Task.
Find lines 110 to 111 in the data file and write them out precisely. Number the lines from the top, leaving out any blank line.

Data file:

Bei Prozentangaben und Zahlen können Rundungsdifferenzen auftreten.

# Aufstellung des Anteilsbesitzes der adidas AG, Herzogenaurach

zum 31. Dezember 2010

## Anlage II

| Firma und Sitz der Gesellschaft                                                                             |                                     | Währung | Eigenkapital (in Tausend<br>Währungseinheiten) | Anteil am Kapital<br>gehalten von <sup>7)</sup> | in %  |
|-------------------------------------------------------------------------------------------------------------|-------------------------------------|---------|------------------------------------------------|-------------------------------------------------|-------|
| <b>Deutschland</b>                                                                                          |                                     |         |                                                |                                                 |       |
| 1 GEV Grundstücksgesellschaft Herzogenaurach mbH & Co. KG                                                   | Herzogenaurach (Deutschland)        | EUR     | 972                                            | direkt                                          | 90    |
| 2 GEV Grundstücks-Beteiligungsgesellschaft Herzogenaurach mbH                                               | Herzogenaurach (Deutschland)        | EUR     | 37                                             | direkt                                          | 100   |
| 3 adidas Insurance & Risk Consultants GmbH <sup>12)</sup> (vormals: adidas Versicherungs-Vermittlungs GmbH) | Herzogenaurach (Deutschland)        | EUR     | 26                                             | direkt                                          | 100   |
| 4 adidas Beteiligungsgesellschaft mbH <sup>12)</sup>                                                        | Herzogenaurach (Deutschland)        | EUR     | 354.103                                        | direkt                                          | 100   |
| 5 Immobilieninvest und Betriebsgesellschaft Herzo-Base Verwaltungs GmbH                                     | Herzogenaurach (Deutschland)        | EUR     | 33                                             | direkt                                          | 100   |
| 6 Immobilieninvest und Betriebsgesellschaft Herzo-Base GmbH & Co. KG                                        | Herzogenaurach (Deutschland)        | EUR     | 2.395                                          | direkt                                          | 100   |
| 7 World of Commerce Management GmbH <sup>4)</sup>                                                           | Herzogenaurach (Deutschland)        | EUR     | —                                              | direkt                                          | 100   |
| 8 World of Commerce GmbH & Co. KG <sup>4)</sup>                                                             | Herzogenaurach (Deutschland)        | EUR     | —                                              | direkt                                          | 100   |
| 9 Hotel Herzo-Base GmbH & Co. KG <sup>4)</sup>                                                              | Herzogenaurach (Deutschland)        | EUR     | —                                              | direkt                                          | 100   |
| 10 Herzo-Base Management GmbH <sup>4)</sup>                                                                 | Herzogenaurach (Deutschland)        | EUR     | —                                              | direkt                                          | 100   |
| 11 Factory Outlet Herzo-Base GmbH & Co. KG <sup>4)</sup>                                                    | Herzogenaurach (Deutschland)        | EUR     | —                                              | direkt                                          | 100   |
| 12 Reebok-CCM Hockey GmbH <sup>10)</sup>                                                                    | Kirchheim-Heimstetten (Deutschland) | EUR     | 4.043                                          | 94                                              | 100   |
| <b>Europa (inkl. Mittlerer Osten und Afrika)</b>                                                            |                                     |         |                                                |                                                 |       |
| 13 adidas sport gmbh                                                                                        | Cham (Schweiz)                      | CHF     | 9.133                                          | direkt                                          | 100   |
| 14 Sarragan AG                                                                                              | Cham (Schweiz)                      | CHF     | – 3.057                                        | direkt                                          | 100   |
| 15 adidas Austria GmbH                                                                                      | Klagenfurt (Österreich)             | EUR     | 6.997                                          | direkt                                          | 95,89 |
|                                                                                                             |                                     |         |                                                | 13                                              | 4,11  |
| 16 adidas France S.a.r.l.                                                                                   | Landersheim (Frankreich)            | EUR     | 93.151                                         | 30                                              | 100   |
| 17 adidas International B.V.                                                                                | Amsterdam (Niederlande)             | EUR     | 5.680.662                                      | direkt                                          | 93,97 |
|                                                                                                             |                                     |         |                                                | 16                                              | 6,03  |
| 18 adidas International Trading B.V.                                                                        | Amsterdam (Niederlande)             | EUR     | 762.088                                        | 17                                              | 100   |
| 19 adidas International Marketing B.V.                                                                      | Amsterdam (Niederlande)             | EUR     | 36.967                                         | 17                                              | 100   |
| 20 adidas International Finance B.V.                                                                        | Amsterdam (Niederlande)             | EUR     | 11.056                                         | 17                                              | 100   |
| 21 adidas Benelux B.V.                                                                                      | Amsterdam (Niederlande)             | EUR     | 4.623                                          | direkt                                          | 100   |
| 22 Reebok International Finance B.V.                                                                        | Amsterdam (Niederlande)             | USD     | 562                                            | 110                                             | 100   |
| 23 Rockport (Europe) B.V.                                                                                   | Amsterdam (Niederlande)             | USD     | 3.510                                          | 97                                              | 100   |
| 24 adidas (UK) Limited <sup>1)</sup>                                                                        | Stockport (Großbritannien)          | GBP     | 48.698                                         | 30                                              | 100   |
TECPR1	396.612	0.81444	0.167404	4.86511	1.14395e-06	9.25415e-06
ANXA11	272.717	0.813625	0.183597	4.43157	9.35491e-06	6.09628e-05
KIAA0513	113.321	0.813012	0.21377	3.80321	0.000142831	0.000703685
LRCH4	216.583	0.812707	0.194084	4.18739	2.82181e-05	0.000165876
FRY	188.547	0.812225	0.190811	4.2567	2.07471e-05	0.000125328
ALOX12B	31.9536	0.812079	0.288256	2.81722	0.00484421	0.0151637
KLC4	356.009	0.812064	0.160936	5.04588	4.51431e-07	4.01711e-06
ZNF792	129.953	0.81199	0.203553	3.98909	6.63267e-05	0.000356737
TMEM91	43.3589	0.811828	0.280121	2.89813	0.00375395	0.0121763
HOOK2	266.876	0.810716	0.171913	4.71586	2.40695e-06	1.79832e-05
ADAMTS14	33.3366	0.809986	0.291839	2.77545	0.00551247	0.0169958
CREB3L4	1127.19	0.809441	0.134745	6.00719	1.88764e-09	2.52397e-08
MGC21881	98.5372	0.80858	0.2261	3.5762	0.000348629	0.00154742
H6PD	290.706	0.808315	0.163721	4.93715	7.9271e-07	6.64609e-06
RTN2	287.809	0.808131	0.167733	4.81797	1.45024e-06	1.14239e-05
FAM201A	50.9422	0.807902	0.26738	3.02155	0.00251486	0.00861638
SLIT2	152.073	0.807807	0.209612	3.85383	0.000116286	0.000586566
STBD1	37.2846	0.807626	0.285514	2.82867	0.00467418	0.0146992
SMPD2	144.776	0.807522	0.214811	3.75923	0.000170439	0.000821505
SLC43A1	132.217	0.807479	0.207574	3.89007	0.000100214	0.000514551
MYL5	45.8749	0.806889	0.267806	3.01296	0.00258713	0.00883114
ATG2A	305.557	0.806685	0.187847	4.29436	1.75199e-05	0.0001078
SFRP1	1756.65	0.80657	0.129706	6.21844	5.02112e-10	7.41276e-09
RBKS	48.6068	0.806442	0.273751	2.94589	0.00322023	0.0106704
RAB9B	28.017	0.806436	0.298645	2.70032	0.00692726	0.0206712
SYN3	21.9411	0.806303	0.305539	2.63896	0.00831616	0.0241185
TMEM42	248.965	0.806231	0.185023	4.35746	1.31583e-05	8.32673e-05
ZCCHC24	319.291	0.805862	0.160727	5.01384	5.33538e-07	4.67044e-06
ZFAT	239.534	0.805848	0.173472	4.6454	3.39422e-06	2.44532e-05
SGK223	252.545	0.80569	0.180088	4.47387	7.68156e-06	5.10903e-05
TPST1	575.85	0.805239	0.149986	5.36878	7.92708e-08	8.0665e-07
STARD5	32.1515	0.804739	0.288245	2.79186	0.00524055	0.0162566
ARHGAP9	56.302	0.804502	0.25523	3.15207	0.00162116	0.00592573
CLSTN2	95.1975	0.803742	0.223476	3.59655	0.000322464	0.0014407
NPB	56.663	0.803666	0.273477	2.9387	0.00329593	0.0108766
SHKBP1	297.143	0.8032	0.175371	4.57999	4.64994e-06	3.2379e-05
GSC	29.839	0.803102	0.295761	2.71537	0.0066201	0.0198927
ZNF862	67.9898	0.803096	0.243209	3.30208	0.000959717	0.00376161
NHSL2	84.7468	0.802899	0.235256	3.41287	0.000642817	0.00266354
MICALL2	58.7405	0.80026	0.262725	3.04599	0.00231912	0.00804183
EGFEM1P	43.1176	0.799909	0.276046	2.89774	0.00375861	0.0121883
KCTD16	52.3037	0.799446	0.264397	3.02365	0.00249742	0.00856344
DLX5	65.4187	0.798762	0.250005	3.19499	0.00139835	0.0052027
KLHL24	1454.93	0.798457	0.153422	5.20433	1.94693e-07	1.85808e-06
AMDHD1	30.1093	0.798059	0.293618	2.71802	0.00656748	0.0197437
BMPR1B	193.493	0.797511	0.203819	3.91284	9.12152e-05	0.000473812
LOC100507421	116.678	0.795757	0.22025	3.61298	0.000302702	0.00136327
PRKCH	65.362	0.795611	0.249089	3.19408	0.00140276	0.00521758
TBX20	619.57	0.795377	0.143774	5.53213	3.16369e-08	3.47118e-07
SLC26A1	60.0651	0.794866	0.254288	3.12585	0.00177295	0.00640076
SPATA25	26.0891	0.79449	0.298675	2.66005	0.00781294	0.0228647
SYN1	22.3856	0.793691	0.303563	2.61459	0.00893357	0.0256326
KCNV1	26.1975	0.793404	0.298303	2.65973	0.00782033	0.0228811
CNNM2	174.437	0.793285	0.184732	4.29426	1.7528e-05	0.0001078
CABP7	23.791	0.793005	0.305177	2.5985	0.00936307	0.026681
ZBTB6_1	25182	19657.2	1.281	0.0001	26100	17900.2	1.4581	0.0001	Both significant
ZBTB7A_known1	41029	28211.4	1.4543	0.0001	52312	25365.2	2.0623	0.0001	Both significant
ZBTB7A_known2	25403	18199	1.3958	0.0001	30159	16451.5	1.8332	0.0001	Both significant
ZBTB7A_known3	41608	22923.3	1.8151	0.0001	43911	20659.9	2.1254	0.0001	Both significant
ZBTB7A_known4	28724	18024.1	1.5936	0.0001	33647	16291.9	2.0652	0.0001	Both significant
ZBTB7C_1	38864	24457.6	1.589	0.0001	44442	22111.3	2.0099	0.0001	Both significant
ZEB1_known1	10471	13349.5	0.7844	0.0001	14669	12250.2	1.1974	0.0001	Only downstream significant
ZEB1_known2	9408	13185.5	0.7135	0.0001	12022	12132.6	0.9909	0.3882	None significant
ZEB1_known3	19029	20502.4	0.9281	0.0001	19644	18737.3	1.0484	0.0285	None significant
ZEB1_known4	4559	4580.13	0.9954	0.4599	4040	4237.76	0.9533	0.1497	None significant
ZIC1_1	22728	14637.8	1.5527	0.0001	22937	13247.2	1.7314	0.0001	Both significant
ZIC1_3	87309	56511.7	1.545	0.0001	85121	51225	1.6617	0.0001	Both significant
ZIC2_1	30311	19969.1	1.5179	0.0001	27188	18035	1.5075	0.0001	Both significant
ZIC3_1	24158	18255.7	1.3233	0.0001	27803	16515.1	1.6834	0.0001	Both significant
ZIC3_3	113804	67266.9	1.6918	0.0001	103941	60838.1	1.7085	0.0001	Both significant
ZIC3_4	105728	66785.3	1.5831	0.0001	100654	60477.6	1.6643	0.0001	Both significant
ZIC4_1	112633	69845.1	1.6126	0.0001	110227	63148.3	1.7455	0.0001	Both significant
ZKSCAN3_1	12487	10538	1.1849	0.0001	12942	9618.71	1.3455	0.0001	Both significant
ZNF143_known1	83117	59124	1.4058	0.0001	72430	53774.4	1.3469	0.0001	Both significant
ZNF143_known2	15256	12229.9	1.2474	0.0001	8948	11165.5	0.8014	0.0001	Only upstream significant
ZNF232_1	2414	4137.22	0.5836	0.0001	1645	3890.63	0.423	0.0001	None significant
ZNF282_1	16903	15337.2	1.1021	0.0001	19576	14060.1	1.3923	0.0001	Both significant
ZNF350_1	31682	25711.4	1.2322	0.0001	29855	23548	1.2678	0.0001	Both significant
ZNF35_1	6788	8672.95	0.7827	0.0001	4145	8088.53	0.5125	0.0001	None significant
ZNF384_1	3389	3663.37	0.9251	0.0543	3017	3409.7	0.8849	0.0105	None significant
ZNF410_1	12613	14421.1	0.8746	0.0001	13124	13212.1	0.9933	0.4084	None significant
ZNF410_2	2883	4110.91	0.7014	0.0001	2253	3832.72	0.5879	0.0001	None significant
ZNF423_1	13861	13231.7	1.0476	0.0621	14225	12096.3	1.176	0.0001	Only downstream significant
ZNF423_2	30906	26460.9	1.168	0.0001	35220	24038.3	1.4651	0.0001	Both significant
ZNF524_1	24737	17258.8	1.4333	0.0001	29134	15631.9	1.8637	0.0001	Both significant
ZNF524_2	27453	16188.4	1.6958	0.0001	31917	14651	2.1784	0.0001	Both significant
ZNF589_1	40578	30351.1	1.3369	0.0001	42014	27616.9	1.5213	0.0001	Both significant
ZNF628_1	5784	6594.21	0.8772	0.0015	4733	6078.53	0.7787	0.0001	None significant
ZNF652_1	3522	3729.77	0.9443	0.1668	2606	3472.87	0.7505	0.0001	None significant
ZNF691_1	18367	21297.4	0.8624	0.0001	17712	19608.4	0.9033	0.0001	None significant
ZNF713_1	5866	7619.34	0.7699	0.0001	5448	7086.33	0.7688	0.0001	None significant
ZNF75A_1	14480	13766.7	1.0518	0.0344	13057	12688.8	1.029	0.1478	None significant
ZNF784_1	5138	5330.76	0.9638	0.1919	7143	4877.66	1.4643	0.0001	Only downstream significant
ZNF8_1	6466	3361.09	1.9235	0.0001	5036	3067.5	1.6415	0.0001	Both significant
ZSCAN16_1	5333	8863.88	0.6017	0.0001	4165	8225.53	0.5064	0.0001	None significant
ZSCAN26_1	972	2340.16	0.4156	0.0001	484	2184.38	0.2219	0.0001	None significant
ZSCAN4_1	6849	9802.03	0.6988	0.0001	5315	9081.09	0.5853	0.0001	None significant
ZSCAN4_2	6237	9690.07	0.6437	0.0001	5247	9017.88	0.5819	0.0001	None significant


ZNF232_1	2414	4137.22	0.5836	0.0001	1645	3890.63	0.423	0.0001	None significant
ZNF282_1	16903	15337.2	1.1021	0.0001	19576	14060.1	1.3923	0.0001	Both significant